I always end my classes with the phrase “Thank you very much for doing Yoga. Peace within. Namaste.” That is in reverence to my very first Yoga teacher Daws, who used that phrase at the end of his classes. For me, it is the closest thing to diksha I have received. I worked intensely with Daws for many years prior to coming to the Iyengar tradition, so that is what I take from his teachings into my classes.

The short of it is, people should not be up in arms about a word that conveys exhaled greeting for fear that it may turn their sons or daughters to some mysterious foreign faith, or whether it is misused out of cultural context, or because it is overused.

Last time I checked, I have not converted anyone to Hinduism from my teachings, people in the West still eat Chapati-s and Dahl and are not completely disgracing the Indian subcontinent, and people are still saying hello, goodbye, and I love you even though everyone has been saying it for thousands of years.

It is time for naysayers to lose their tremendous sense of self importance and ignorance, and clearly see objects for what they truly are. Namaste!

For those who have attained Yogic powers, now is the time to use them

III.53 kṣaṇa-tat-kramayoḥ saṁyamād viveka-jaṁ jñānaṁ

-By performing saṁyama on the moment, and its sequence, one attains knowledge born of discrimination.

In wake of today’s news of the Brussels airport bombing, we Yoga practitioners need to find our inner resources. In the midst of the horrific images, there will be rhetoric claiming revenge. There will most likely be vengeful counter attacks. Who knows if those counter attacks will include innocent lives. There will also be untold atrocities toward people of Muslim faith who had nothing to do with the bombings only because of those who possess ignorance and passion.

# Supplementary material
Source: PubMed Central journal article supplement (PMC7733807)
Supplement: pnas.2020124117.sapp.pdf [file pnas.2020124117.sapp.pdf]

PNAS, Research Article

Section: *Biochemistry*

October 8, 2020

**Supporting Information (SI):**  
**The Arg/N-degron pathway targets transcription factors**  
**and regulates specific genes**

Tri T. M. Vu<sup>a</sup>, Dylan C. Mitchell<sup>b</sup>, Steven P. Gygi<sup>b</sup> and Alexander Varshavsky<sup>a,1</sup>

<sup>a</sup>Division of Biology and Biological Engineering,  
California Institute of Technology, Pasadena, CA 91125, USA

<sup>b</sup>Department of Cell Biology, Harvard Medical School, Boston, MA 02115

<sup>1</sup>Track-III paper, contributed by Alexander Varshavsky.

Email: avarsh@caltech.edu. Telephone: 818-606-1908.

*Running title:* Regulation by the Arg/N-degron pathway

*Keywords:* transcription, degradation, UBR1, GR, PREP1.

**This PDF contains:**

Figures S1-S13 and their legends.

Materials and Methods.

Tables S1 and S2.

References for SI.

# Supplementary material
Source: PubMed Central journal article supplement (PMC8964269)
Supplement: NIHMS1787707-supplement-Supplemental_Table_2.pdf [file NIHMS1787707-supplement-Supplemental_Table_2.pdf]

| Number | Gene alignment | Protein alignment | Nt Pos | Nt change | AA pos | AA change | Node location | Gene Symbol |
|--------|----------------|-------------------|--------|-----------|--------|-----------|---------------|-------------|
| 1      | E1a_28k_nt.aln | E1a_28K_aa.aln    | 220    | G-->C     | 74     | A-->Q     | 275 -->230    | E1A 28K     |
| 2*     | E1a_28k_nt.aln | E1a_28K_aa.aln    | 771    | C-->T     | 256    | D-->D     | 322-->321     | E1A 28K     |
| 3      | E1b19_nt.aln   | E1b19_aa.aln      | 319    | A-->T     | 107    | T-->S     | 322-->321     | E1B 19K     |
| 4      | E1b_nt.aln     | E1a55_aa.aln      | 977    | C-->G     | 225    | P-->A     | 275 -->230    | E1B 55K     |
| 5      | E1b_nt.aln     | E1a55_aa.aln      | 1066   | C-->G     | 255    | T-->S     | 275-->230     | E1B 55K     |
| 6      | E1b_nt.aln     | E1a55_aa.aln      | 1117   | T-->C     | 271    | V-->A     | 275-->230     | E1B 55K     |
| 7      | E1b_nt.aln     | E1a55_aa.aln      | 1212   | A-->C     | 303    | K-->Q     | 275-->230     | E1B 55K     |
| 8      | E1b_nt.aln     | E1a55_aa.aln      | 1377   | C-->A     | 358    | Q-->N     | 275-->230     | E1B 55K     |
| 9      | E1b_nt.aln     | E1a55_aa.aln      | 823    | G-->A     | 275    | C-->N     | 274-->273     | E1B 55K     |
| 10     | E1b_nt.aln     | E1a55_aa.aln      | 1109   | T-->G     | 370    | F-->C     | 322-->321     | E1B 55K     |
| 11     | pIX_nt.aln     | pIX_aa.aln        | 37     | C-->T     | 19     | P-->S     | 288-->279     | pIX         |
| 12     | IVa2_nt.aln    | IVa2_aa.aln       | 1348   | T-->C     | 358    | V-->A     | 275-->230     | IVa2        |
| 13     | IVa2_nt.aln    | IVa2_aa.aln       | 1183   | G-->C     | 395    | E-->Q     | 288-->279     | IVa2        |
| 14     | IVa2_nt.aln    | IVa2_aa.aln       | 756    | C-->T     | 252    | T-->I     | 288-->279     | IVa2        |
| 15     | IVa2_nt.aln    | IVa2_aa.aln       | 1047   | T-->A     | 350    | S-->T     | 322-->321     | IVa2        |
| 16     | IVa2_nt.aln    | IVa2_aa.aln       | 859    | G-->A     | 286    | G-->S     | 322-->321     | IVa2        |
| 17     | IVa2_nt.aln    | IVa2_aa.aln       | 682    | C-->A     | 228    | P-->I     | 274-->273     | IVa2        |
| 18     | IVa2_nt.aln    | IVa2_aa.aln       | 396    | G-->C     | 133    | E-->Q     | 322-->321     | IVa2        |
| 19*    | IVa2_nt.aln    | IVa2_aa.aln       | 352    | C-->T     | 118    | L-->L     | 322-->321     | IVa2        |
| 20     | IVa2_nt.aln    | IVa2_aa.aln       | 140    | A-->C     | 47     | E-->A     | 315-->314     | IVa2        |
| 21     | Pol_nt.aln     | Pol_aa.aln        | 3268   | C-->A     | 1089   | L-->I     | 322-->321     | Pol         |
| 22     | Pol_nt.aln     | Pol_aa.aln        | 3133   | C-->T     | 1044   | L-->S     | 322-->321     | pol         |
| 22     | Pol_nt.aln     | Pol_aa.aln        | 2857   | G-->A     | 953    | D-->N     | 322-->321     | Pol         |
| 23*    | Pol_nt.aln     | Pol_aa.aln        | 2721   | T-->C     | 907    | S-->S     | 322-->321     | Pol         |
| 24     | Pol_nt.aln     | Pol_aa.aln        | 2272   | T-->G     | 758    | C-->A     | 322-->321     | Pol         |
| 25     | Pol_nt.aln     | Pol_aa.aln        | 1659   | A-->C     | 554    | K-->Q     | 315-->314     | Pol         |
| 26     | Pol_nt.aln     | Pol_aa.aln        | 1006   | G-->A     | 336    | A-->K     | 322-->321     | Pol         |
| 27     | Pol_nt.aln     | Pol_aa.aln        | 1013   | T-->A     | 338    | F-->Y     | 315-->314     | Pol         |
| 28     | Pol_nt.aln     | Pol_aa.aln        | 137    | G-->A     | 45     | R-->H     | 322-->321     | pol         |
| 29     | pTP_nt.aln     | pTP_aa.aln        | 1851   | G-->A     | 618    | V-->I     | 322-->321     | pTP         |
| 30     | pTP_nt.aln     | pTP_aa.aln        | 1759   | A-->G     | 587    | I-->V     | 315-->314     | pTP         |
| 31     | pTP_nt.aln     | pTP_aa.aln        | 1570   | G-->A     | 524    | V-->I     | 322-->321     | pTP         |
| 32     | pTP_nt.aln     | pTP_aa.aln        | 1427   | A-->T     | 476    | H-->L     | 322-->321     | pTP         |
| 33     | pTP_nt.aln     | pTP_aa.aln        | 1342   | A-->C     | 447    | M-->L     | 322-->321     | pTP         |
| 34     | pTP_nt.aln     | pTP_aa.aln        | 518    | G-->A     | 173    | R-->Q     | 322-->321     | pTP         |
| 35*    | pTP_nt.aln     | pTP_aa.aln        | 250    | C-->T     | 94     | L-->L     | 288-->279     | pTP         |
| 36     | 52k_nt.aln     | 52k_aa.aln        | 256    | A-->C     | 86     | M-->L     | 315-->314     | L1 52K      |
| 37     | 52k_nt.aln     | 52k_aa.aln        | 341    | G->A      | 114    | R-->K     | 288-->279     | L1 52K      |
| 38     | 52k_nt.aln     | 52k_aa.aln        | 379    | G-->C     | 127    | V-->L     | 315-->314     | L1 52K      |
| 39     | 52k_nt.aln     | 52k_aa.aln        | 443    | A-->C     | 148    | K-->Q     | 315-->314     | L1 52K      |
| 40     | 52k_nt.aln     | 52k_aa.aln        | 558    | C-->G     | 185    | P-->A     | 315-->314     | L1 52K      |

One power Yoga teaches us is to delay our reactions. That doesn’t mean it slows us down, or makes us into pacifists. It means that we don’t react, but we respond appropriately. So my plea to all the Yoga practitioners out there is to stop, do your practice, and reflect before taking any action. That pause can make all the difference.

tree 1

Citta Vritti, or the stuff that makes the mind disturbed seeps easily into the consciousness. Above is an invasive Miconia plant in Hawai’i creeping up an unsuspecting tree. If you image that the tree represents pure unalloyed consciousness and the Miconia weed as citta vritti.

tree 2

Without regular Yoga practice, the weeds take root. The Consciousness begins to mistake the weeds of citta vritti as the actual self. At this point the consciousness is susceptible to all that is not permanent.

tree 3

And in the end, the Citta Vritti chokes the consciousness. Now the transient thoughts are running the show and the person is at the mercy of ill thoughts.

So as yoga practitioners, we need to use what the practice has given us to transcend this time. Nothing is permanent execpt for the consciousness which is untouched by war, disease, old age, and fear.

 

 

Taking the student’s suggestion

I was subbing yesterday evening. When I sub, I try to treat all of the students with kid gloves because I was chosen as a representative of the teacher. It was “restorative week” and I was teaching prasarita padottanasna as seen above. There is a stage one and stage two of the pose. Stage one, head is up, stage two, head is on the floor.

A good teacher uses “landmarks” aside from just “right, left, front and back.” So in stage one, I was telling the students to lift their head and look toward the parking lot. After about three times in this pose I heard a student say “may I offer a suggestion?”

In the past, that question has been fraught with many pitfalls from “can you play music in your class?” to “why don’t you heat up the room like hot yoga classes?” And since I didn’t know this student, I was braced for the worst.

“Can you say ‘mountains’ instead of ‘parking lot,'” the student asked. I turned around and saw this outside the studio window: